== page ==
Congo Republic plans to replace the board of directors and appoint an audit committee at state oil company SNPC, as it strives to improve accountability and convince international lenders to bail out the country.
SNPC, which holds equity in fields operated by Italy’s ENI and France’s Total, has been dogged by allegations of corruption and mismanagement, and the government on Wednesday criticised the “dysfunction” of its current set-up.
The reform plans come as the government is negotiating with the International Monetary Fund (IMF) for a bailout following a steep drop in revenues due to low crude prices that has seen public or publicly guaranteed debt balloon to 110 percent of GDP, according to the IMF.
Credit rating agencies judge Congo to be at risk of default on its Eurobond because of its debt troubles, which have been exacerbated by a $1 billion legal dispute in a United States court.
This was despite substantially increased oil production, boosted by several new oilfields. Congo expects to raise output by 25 percent to 350,000 barrels per day (bpd) next year and leapfrog Equatorial Guinea as sub-Saharan Africa’s third-leading crude producer.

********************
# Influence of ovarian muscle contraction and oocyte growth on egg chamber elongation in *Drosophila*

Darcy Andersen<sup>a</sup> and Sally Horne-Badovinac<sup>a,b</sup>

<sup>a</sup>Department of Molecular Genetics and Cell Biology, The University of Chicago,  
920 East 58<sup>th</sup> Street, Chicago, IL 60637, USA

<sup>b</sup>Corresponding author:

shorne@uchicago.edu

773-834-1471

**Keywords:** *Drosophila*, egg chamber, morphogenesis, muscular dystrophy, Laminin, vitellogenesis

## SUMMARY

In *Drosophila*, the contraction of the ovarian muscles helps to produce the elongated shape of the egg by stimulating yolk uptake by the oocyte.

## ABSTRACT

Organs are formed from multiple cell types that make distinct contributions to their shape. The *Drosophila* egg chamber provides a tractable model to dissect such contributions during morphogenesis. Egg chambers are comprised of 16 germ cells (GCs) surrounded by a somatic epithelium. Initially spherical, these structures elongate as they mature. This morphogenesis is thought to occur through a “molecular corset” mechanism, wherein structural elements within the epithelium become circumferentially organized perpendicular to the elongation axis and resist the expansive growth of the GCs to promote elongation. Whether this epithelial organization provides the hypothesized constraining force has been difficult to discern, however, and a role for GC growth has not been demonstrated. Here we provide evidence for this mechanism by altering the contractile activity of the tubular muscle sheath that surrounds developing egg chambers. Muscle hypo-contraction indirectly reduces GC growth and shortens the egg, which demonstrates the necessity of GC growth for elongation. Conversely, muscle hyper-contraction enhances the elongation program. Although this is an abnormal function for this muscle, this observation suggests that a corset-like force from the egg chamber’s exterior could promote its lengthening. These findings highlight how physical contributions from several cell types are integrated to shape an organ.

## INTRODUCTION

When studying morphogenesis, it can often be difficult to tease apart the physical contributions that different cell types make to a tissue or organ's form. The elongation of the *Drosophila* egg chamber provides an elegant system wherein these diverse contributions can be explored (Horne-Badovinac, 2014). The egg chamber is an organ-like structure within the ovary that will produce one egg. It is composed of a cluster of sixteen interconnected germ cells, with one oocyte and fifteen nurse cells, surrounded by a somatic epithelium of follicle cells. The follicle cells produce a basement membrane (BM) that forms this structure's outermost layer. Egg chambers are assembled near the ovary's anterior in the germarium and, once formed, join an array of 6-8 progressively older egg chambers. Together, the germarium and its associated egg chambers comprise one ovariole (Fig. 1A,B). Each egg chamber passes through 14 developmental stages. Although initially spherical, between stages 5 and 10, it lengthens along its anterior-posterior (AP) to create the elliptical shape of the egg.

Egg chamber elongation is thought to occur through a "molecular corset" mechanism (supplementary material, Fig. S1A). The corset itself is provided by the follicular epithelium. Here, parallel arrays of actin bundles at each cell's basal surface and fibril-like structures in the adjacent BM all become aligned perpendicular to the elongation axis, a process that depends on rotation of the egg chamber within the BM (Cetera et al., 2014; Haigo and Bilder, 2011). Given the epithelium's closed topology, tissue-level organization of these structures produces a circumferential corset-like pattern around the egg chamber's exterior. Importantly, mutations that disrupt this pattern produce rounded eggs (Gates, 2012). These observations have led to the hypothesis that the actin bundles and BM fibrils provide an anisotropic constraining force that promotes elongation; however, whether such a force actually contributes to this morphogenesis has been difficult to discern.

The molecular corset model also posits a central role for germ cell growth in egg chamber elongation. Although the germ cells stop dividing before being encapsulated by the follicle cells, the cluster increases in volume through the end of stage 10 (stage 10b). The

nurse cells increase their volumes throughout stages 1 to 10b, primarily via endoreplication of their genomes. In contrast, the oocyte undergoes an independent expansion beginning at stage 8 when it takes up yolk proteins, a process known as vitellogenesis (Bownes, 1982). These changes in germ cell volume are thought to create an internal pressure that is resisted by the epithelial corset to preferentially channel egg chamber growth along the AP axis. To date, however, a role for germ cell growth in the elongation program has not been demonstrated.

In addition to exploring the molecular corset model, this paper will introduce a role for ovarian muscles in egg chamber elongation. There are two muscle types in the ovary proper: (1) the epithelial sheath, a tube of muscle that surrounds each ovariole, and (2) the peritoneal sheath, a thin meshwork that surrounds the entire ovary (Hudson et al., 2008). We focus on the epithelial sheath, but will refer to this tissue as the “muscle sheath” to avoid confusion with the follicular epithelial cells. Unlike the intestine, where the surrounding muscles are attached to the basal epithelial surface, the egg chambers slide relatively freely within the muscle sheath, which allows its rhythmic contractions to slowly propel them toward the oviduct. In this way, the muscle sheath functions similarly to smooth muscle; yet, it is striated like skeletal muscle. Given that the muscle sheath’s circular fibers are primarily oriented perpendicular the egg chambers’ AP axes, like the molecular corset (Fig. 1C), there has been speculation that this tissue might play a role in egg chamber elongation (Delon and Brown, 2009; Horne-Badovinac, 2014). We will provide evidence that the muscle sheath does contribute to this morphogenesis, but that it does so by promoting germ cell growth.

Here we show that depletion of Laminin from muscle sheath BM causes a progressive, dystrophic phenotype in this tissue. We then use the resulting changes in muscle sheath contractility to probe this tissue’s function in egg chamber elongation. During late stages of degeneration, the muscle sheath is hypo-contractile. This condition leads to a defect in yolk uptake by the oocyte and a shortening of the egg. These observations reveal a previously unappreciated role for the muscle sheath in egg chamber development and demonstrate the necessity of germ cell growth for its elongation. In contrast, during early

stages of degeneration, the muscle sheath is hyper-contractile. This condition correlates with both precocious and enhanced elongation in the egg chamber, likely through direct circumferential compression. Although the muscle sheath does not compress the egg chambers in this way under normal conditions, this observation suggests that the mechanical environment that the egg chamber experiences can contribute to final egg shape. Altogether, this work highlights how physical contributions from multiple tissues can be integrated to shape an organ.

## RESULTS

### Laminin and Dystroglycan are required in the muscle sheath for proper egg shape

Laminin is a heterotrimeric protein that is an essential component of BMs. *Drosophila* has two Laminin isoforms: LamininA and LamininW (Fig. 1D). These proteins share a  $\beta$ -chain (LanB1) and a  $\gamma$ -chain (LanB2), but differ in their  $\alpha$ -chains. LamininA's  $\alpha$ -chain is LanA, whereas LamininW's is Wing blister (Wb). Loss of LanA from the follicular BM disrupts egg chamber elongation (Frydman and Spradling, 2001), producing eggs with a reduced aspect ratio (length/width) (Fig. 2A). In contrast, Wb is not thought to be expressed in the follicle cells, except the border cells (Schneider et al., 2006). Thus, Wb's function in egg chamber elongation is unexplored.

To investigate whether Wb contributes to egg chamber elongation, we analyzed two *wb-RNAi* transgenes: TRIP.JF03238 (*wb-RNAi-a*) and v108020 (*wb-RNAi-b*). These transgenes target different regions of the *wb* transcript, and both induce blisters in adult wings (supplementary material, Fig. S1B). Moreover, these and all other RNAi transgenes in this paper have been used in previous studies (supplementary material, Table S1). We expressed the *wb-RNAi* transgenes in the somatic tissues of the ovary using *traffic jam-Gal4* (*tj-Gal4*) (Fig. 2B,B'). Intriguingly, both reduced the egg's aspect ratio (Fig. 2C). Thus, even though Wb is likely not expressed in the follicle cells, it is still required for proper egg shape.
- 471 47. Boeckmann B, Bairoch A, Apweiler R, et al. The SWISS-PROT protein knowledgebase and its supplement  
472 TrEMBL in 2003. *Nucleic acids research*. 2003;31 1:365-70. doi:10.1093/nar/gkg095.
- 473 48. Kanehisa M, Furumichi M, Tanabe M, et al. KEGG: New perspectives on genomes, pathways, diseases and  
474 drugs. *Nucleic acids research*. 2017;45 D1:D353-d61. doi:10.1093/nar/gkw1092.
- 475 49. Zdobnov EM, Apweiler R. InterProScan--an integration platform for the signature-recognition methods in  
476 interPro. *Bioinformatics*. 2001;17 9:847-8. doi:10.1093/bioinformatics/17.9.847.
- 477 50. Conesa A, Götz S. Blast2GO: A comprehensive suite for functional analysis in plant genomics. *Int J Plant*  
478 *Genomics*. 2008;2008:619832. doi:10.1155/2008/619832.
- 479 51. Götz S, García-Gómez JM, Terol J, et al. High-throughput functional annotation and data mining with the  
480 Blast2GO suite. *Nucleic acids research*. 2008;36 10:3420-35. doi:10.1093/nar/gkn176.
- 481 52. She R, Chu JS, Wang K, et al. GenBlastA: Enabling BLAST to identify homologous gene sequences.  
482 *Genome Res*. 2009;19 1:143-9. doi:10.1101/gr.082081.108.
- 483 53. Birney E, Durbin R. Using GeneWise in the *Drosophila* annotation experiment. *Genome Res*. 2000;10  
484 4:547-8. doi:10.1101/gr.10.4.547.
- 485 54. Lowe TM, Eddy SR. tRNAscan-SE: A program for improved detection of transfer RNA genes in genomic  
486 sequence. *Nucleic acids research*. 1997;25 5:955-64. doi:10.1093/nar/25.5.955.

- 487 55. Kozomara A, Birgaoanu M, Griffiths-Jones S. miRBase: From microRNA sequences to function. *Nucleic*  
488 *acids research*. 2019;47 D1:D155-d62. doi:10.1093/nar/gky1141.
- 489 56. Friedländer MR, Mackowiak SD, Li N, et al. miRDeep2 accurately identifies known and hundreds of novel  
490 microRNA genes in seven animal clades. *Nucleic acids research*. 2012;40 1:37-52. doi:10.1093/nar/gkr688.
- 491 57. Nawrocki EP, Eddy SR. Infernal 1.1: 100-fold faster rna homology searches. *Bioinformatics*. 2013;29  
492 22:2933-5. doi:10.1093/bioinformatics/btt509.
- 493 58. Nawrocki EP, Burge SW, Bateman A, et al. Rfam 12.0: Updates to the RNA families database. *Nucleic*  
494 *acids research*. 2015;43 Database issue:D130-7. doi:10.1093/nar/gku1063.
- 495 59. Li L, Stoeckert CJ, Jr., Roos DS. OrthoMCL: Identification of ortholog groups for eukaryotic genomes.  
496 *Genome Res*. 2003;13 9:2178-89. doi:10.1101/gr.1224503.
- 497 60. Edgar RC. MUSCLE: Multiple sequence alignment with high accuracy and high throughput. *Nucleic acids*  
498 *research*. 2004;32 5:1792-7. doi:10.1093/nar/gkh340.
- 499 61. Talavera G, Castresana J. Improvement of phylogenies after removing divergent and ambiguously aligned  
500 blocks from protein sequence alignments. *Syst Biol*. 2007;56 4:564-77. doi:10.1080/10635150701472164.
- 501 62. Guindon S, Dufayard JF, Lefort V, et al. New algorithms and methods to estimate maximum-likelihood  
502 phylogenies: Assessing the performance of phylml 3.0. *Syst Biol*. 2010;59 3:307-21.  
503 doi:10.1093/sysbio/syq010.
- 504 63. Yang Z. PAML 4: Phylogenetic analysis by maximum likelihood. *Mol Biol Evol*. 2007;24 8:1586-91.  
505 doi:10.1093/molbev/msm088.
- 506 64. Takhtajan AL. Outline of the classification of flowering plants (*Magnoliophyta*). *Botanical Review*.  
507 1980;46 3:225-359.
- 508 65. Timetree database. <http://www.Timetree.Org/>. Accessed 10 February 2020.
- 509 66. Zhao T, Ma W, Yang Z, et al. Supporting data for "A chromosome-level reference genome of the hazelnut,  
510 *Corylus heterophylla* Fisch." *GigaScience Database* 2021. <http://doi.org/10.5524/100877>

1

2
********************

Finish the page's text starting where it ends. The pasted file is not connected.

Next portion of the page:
“It is the observation of this dysfunction … as well as the interest in improving the performance of the SNPC that leads the Minister Thystere Tchicaya to submit … the proposal presented today,” notes from Tuesday’s cabinet meeting said.
Government spokesman Thierry Moungalla said the cabinet had approved a bill that would replace the existing board of directors with a director general, who would be assisted by a secretary general and three deputies.
The director general would also serve as chairman of the board of SNPC’s various subsidiaries, while a new audit committee would reinforce internal controls, Moungalla said.
The bill now heads to parliament.
Following a country visit that concluded earlier this month, the IMF said it “took note of the authorities’ intention to improve the governance of public enterprises, including oil companies”.
Analysts say rampant corruption and a dysfunctional bureaucracy have prevented Congo from capitalising on its prodigious mineral wealth.